Nicola Barker: I Am Sovereign

Nicola Barker is having fun. She has waved good-bye to the traditional novel form and is experimenting left, right and centre. She is playing with words and characters, and we are the audience privileged to witness the joy and games.

You might deduce from that how much I enjoyed her latest ‘anti-novel’ I Am Sovereign. It is short, sharp, often hilarious and it might feel like it has less philosophical heft than some of her previous novels… but that’s not a bad thing. It is far less dense and therefore more accessible: in short, a great introduction for those who have yet to discover Barker’s work.

The action takes place over the 20 minutes or so that a typical house viewing might take place (although there are some things which delay the process, but still no longer than 30 minutes). The house in question is a rather run-down two up, two down on a grimy street in Llandudno and belongs to Charles’ late mother. Perhaps the reason the house isn’t selling is because Charles insists on ‘helping out with the viewings’, much to estate agent Avigail’s disgust, since this 40 year old, introverted teddy-bear maker is both chronically shy and prone to inappropriate over-sharing. For instance, he keeps mentioning an attempted burglary that took place at the property over 12 years ago, and forcing popcorn makers and other superfluous gadgets onto hapless prospective buyers.

When Wang Shu, a busy Chinese woman, constantly on the phone, and her daughter Ying Yue view the house, a mysterious and violent oyster shell incident occurs, which makes nearly all those present question their lives, their identities and their ambitions. And that’s before you even take into account their obsession with certain You Tube stars and self-development gurus. It all becomes funnier still and even more chaotic when the author grapples to regain her authority over her characters, as they disagree with her interpretation of things or even refuse to allow themselves to be portrayed at all in the book.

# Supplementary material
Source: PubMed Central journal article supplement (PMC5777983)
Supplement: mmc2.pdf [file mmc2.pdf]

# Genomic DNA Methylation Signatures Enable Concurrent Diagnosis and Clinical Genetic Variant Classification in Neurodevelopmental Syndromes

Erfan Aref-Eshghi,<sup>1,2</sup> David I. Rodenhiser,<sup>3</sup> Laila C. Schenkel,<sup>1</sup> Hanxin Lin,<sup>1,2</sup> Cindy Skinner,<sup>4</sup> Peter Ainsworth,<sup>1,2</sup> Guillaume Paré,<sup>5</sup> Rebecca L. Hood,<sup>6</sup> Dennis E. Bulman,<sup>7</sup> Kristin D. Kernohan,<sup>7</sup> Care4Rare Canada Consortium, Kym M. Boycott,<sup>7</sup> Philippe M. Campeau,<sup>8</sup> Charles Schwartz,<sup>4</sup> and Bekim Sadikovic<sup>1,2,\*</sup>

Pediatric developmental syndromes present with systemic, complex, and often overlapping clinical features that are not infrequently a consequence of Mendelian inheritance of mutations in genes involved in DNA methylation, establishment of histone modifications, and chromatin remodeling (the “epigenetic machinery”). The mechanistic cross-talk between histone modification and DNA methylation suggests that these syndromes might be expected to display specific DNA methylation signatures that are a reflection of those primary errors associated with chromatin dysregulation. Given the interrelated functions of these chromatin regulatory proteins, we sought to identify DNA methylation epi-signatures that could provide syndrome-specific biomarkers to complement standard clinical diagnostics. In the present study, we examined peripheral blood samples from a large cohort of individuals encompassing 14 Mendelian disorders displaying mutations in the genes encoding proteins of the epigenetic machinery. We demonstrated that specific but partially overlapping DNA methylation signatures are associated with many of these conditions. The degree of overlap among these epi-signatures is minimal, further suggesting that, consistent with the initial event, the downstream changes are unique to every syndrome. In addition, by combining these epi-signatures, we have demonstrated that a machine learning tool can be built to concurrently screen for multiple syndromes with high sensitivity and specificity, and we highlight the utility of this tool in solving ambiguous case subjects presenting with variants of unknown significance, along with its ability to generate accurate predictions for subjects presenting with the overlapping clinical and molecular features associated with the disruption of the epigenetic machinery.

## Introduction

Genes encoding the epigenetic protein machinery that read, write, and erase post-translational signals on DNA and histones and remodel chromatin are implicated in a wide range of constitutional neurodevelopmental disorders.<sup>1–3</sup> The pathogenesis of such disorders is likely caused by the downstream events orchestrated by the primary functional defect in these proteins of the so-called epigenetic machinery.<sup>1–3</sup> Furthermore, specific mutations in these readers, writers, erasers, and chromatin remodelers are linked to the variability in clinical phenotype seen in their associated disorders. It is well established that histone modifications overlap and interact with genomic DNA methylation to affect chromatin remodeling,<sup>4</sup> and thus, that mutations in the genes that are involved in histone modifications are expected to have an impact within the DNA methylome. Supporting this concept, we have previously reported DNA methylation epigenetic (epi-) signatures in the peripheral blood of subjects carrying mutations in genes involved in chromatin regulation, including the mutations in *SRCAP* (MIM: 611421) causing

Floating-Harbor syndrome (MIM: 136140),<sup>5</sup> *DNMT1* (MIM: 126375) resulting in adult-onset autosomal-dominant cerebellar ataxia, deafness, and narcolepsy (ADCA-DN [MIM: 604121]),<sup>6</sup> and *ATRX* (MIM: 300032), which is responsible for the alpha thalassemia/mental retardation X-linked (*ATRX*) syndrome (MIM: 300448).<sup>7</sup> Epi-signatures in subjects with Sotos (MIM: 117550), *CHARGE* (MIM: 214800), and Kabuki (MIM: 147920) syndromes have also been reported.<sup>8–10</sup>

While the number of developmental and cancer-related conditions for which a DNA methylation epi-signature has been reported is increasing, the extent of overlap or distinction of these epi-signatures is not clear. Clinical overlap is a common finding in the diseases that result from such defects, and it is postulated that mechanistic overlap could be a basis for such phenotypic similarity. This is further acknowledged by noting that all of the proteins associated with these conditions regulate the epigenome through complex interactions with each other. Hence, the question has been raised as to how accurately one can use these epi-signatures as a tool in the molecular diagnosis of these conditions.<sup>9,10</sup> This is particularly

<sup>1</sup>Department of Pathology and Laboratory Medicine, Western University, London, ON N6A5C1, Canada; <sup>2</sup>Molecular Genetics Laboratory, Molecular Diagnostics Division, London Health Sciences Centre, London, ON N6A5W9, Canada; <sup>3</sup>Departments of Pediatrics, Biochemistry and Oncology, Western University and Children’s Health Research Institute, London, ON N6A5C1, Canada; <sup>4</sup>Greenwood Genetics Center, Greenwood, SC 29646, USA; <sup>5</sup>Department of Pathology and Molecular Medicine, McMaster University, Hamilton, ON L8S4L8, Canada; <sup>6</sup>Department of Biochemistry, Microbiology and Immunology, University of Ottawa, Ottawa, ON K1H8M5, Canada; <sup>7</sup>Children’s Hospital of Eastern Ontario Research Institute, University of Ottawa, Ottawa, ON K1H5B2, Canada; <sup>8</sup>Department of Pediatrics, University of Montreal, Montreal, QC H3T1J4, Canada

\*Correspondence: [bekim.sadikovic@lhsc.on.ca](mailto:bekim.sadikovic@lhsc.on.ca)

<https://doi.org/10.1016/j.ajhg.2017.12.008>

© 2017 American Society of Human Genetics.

… it is necessary at this moment in the novella (henceforth referred to as I am Sovereign) to warn the reader that Nicola Barker (henceforth referred to as The Author) has been granted absolutely no access to the thoughts and feelings of the character Gyasi ‘Chance’ Ebo (henceforth referred to as The Subject). At his inception, The Subject seemed not only a willing, but an actively enthusiastic participant in the project, yet after several weeks of engagement became increasingly cynical and uncooperative, to the point of threatening to withdraw from the enterprise altogether if The Author deigned to encroach, unduly, upon his ‘interior life’.

You will find all the trademark Nicola Barker playing around with fonts and appearance of the text on the page. Yet somehow, it never feels too gimmicky. Things that might annoy me in other writers just make me giggle in this case.

You need to be in the right mood for a Nicola Barker novel, but when you meet it head-on, without knowing too much about it, without any expectations and an open frame of mind, what a beautiful collision (between fiction and reality) it makes!